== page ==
Egyptian General Petroleum Corporation (EGPC) has delayed choosing banks to manage a new $2bn five-year loan deal in a sign that protests against the rule of President Hosni Mubarak are disrupting the economy.
The state-owned oil firm had been due to pick banks for the deal by the end of January, but bankers who pitched for the mandate say they have been told not to expect a decision until calm has returned to Egypt.
“No bank would finance anything in Egypt at the moment, it would be completely foolish,” says a banker close to the deal.
Another banker says he has been told not to expect the deal to start moving again until some stability has returned to Egypt. “That could take a long time as I don’t see this situation quickly going away,” he says.
By 30 January, about 100 people had been killed and more than 2,000 wounded as anti-Mubarak protesters clashed with security forces.
The protests have caused widespread disruption in Egypt. The Central Bank of Egypt has ordered all banks to stay shut on 30 January, the stock market will also be closed. In addition the Egyptian pound has weakened, and ratings agency Fitch has put the country’s BB+ rating on negative outlook.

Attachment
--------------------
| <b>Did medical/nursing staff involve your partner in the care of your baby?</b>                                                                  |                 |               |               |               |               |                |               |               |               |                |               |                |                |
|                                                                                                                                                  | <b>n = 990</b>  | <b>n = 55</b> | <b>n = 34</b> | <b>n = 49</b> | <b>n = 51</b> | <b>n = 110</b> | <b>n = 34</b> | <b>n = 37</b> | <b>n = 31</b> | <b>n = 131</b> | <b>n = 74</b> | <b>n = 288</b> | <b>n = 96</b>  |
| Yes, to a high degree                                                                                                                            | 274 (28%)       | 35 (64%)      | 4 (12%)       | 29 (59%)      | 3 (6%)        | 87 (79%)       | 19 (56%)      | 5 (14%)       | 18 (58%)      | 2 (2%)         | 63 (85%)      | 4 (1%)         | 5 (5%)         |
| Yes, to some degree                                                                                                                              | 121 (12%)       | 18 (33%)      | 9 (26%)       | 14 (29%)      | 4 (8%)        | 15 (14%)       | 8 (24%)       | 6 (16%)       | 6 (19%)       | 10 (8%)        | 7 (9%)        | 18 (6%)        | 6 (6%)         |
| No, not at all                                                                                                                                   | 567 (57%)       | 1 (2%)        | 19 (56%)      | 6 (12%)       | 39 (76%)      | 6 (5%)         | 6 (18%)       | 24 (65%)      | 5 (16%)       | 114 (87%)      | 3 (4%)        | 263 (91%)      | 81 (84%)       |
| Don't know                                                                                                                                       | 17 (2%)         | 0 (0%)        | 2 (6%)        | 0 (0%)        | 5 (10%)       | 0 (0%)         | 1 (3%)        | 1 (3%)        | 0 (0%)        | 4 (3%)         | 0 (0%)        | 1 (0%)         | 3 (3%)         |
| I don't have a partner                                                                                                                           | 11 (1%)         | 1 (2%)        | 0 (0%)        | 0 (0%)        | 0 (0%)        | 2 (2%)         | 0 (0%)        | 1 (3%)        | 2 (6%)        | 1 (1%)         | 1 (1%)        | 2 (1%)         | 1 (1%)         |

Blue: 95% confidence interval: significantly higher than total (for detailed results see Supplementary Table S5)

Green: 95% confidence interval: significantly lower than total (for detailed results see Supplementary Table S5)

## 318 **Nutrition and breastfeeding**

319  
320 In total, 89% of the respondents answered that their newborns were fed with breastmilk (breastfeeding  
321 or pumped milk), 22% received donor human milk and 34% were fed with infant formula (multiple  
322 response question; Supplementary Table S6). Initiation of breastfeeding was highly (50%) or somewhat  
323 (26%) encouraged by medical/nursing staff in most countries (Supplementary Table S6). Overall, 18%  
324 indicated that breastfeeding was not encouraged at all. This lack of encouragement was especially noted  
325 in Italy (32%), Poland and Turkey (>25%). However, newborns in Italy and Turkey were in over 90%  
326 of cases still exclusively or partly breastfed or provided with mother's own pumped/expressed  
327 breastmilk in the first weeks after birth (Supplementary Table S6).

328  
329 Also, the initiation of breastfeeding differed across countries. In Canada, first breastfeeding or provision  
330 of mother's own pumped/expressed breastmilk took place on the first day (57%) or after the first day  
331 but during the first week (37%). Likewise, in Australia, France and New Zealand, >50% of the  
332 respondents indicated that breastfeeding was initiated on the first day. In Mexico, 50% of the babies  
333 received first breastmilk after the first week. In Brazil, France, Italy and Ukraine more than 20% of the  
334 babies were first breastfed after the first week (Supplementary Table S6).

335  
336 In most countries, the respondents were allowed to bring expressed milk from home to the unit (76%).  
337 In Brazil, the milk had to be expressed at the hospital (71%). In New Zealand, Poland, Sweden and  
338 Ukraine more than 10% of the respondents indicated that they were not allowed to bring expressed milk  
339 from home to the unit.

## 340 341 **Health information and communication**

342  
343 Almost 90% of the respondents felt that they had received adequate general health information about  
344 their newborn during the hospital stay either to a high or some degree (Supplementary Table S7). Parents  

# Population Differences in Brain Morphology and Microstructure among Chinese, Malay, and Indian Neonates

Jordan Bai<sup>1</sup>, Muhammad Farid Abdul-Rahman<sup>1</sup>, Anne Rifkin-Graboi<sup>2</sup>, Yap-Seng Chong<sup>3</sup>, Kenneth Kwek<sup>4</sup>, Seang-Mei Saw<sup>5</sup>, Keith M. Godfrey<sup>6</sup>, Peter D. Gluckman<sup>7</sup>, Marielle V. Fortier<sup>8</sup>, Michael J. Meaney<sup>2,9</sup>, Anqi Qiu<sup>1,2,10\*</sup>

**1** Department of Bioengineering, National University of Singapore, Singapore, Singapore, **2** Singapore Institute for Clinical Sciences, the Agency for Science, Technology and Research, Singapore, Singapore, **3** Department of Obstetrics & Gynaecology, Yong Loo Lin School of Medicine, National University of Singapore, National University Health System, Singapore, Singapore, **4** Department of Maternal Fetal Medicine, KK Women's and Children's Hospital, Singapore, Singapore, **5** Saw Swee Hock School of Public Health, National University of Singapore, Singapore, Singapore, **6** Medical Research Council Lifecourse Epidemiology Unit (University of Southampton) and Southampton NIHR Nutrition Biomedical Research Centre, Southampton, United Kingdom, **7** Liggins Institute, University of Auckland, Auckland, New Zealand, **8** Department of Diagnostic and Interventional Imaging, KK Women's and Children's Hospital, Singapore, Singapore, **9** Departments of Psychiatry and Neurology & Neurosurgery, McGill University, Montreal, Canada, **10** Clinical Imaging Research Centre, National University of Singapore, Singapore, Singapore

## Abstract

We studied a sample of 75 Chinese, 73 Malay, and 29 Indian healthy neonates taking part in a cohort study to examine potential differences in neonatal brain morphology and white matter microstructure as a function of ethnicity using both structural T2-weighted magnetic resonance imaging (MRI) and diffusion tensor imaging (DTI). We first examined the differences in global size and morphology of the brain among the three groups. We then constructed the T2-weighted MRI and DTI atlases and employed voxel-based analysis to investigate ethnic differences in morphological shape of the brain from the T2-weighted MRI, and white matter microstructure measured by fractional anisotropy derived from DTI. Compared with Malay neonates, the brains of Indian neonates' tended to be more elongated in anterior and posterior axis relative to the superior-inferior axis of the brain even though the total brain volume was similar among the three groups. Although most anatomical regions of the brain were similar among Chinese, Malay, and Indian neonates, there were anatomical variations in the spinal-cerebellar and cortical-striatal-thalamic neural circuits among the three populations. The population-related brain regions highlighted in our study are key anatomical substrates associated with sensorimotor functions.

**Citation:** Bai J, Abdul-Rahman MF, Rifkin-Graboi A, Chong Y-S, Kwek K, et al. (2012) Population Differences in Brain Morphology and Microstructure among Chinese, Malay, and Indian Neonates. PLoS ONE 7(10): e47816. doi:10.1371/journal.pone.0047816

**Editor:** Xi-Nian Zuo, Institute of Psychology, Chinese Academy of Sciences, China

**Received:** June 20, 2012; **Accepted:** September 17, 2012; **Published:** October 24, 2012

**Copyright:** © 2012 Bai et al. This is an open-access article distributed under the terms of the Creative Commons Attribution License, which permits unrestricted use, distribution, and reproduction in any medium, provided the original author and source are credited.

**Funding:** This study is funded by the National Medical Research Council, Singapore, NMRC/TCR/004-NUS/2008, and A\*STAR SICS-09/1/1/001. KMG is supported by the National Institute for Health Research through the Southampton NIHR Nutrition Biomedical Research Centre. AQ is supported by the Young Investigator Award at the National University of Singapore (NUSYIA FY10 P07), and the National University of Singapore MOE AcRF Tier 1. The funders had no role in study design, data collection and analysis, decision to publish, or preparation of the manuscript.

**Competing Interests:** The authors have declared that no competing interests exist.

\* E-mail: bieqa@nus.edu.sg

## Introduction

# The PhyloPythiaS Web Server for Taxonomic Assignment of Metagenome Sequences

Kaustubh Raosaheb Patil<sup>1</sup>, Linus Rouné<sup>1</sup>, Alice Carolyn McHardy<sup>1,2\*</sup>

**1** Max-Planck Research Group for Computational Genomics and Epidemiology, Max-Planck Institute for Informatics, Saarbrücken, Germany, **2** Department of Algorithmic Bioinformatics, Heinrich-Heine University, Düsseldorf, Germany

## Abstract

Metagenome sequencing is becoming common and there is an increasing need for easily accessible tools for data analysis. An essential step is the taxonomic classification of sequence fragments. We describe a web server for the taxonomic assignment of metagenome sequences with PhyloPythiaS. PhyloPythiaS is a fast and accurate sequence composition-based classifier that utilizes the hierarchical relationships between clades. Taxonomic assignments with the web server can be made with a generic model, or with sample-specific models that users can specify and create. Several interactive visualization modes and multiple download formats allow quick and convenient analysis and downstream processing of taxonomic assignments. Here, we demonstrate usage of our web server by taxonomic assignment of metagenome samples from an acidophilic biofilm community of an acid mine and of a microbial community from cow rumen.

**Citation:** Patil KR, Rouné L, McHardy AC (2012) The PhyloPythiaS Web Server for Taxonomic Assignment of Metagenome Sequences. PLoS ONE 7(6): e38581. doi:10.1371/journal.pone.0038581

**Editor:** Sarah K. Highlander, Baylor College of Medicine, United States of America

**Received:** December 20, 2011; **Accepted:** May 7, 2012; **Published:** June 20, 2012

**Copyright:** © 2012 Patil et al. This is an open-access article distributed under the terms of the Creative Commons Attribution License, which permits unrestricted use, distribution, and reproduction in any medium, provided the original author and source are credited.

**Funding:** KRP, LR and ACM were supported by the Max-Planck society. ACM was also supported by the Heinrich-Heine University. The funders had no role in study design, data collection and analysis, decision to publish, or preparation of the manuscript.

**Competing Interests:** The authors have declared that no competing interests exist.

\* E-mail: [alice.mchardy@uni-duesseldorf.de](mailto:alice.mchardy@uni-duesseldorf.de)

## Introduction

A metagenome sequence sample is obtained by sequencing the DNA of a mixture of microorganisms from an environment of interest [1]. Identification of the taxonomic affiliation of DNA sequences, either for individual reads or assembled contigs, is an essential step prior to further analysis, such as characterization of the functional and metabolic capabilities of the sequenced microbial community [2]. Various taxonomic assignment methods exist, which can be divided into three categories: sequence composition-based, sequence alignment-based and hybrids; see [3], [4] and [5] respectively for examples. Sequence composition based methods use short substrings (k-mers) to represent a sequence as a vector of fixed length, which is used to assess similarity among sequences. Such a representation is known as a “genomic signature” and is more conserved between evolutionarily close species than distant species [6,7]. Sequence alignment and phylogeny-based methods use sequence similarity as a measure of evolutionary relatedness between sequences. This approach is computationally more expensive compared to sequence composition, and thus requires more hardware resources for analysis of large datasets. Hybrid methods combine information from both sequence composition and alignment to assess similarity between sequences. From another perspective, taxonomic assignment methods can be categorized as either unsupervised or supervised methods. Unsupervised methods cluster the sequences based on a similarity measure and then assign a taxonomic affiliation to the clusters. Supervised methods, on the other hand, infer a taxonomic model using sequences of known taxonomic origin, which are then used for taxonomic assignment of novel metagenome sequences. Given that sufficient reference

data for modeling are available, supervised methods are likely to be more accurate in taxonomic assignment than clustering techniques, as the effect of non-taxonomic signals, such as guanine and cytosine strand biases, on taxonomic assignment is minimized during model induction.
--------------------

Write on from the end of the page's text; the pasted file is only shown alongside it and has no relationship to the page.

Mubarak has forced the resignation of the cabinet, and appointed intelligence chief Omar Suleiman as his vice-president and aviation minister Ahmed Shafiq as prime minister.
EGPC is looking to raise $2bn through pre-export finance, where banks provide loans to a company to finance exports to a buyer that is already in place.
The deal was launched in the first week of January, and banks were given until 17 January to respond to EGPC with bids for managing the loan. That was before protesters called for a ‘day of rage’ on 25 January that sparked the beginning of the rioting that continued until 30 January.